Such a prospect should terrify us all – and it begs the question: what can be done, in practical terms that are cognisant of political realities, to ease tensions and avert a nuclear catastrophe?
At the Munich Security Conference earlier this year, The Elders presented to the participants a few proposals aimed at raising public awareness of the issue and suggesting ways for progress towards nuclear non-proliferation and disarmament.
In the face of such a complex challenge, we are proposing an incremental “minimisation” agenda which acknowledges geopolitical realities whilst insisting on the urgency of action.
Our proposals are summarized under the following four headings - which we call “the 4 D’s”:
- Doctrine: every one of the nine nuclear armed states should make an unequivocal “No First Use” declaration.
- De-alerting: a staggering 2000 US and Russian weapons remain on a dangerously high state of alert. The highest priority should be given to taking as many as possible of those weapons off this status.
- Deployment: over a quarter of the worldʼs stockpile of nuclear weapons remain operationally deployed. This is unnecessarily excessive and poses excessively high risks to global security. An extension of New START is a crucial next step - which makes the current lack of dialogue between Russia and the US all the more worrying.
- Decreased numbers: The Elders believe that the number of nuclear warheads in existence should be reduced from its present estimated level of almost 14,000 to around 2000, with Russia and the US reducing to no more than 500 each. That is enough to destroy the planet several times over.
There are many other initiatives of course, some of which have also featured on our agenda today. The existing international treaty frameworks must of course be at the heart of disarmament efforts, including the NPT and the Nuclear Ban Treaty, which have strengthened legal and normative processes towards the overall elimination of nuclear weapons.
I am also encouraged to see that there has been a recent proliferation of member state initiatives such as the Swedish Stepping Stones initiative and the German Missile Dialogue Initiative. This is not to mention the critical contributions that civil society groups have made to the nuclear debate, such as the Global Zero campaign and of course the work of ICAN, which deservedly received the Nobel Peace Prize in 2017 for its leading role in securing the Nuclear Ban Treaty.
I was very pleased to hear Minister Blok talk about the Netherlands’ role as Vice-President of the NPT Review Conference next year together with Poland. This is a critical multilateral process which reminds us that nuclear disarmament and non-proliferation needs to be a priority for all countries, not just the five Permanent Members of the UN Security Council and other nuclear-armed states.
These steps show that small states can and do make a difference. My own country, Ireland, played a leading role in the international negotiations in the early Cold War period that eventually led to the Non-Proliferation Treaty.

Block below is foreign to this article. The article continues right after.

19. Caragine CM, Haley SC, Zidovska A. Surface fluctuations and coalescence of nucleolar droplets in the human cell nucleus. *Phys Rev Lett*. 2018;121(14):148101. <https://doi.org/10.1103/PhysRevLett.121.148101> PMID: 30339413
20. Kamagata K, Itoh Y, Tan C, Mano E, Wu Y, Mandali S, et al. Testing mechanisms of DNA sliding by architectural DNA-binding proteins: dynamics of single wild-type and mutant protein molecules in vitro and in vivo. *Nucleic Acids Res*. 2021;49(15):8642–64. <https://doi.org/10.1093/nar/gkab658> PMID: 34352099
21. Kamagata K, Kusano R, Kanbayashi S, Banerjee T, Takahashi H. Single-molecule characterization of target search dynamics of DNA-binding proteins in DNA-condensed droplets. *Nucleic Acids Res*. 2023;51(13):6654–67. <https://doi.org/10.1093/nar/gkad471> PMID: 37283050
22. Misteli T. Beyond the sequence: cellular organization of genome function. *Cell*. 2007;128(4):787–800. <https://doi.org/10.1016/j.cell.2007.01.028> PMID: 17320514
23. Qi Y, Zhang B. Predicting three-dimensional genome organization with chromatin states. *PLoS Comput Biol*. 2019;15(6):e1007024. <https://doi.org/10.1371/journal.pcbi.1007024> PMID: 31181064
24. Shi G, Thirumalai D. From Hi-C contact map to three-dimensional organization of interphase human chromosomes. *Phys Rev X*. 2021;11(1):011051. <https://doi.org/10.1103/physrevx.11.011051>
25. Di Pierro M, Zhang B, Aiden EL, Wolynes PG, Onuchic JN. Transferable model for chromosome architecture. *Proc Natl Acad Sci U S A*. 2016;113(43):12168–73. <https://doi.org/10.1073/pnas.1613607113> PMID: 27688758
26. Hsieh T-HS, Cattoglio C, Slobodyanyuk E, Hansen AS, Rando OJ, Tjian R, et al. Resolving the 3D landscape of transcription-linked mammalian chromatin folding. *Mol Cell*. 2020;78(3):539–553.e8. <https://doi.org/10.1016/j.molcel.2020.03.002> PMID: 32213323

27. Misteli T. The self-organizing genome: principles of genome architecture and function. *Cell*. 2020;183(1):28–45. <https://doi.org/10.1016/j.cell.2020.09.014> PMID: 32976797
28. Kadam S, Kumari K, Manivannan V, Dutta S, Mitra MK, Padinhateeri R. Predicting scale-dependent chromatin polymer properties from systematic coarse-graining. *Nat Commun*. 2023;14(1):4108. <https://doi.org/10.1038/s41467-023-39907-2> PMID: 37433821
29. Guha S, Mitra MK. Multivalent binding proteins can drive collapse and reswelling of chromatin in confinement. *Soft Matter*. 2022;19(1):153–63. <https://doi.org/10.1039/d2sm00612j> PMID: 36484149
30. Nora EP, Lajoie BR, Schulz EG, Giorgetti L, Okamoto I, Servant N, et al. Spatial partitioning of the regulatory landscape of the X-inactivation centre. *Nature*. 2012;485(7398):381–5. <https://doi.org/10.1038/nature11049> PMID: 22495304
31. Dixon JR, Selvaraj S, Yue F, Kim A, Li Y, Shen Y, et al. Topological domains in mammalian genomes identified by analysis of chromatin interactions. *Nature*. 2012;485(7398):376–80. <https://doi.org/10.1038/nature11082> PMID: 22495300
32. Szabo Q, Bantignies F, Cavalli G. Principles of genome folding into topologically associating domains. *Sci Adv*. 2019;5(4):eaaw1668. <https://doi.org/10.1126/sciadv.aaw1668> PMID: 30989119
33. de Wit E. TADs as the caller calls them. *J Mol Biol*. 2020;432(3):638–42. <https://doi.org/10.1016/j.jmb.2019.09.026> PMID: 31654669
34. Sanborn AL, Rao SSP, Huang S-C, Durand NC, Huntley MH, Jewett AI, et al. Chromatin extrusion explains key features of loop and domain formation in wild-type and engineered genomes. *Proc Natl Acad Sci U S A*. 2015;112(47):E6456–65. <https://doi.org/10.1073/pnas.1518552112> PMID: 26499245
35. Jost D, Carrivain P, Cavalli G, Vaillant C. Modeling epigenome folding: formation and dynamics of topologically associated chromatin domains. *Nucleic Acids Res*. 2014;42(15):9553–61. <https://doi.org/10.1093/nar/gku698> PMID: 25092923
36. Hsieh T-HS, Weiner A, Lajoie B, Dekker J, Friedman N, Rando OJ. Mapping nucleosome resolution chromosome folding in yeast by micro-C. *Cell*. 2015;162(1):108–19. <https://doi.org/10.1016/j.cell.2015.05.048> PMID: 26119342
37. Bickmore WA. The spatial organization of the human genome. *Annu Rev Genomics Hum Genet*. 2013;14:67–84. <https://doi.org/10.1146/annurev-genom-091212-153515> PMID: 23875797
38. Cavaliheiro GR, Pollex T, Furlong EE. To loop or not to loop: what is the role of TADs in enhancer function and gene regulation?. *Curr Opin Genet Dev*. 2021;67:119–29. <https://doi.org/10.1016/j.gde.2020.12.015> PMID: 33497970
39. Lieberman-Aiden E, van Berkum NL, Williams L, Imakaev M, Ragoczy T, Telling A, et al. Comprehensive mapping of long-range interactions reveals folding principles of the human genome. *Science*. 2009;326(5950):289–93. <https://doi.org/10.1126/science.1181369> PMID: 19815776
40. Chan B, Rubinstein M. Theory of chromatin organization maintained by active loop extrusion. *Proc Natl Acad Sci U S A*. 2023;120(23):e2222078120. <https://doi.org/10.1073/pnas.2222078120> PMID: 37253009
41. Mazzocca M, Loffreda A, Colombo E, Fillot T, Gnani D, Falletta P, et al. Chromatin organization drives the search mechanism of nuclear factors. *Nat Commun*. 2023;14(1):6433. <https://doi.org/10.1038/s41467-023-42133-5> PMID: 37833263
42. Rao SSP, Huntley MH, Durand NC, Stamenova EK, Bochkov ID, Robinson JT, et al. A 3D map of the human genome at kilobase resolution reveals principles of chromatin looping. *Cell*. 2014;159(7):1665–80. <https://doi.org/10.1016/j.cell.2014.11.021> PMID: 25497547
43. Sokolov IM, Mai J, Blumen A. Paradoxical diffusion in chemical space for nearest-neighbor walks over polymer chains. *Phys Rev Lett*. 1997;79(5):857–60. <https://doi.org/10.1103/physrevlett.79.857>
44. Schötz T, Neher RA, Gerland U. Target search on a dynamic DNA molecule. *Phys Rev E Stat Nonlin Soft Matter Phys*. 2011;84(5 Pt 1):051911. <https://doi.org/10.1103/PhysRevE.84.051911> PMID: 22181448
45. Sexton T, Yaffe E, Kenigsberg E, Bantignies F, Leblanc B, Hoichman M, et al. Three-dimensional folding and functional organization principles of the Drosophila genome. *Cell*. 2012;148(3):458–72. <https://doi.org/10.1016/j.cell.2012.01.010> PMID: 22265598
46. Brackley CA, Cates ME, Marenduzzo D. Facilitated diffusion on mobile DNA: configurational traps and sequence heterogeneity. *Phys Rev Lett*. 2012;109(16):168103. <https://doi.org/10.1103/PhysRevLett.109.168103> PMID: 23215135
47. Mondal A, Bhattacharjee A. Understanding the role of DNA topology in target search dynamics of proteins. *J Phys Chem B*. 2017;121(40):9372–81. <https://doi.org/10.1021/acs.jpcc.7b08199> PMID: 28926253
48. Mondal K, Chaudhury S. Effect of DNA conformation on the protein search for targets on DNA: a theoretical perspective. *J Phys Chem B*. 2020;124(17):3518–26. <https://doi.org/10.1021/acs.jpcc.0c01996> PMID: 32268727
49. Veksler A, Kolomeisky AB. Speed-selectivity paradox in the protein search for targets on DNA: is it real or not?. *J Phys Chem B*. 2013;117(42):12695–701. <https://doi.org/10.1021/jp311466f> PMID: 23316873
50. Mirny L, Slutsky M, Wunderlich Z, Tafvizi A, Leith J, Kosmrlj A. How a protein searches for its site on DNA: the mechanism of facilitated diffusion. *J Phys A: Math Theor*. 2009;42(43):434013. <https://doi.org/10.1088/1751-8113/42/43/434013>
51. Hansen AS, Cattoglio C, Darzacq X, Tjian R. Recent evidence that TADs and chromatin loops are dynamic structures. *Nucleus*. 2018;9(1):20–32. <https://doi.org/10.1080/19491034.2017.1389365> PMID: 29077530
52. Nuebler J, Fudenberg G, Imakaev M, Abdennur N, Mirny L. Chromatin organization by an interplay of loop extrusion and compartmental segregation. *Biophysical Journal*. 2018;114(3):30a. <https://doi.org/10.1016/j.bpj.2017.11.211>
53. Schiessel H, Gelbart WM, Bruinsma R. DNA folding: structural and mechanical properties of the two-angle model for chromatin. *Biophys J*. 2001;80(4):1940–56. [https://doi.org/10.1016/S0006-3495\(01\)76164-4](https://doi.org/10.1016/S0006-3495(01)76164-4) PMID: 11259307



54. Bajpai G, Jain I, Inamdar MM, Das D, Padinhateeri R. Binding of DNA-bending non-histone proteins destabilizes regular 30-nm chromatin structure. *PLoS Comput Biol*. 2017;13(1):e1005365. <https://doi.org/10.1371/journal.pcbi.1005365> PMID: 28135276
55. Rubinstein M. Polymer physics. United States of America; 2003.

In 1958, Ireland introduced the first of what became known as the “Irish Resolutions” at the UN which eventually led to the NPT. In recognition of this pioneering role, Ireland was the first country invited to sign the NPT in 1968.
The declaration in 2017 of the current Government of the Netherlands that it will “actively engage itself to reach a nuclear weapons-free world” is a welcome and laudable antidote to the bellicose posturing of some leading powers.
I encourage the Government to continue to show leadership on this vital issue, and I hope it can be as influential on today’s debates as Ireland showed itself to be in the 1960s.
That spirit of multilateral endeavour is sorely needed in today’s troubled and turbulent times.
Next year, 2020, marks the 75th anniversary of the end of Second World War and of the birth of the nuclear age, founded in slaughter and unprecedented destructive power at Hiroshima and Nagasaki.
But it also marks the 75th anniversary of the founding of the United Nations, built on the ashes of the terrible conflict that had raged for six long years – and also on the memory of the failure of the pre-war League of Nations to halt the rise of racist, Fascist military aggression.
This is an important moment for member states to recommit to its founding values, and for civil society worldwide to act with vigilance and resolve to not only celebrate past achievements, but ensure the organisation can succeed in its mission in the future.
Faced with the existential threats of nuclear weapons and the climate emergency, the United Nations and the international community at large – which includes civil society, academics, doctors, young people and all other sectors of society – needs to be bold and work together to meet common challenges.
In the words of one of the greatest UN Secretary-Generals, Dag Hammarskjöld,
“It is when we all play safe that we create a world of utmost insecurity. It is when we all play safe that fatality will lead us to our doom. It is in the ‘dark shade of courage’ alone that the spell can be broken.”
So let us be seized by that sense of courage today, inspired by peacemakers like Dag Hammarskjöld, and commit to doing all we can to make 2020 not only an anniversary when we recall the terrifying, wanton destructive power of nuclear weapons, but a landmark moment on the path to their ultimate eradication.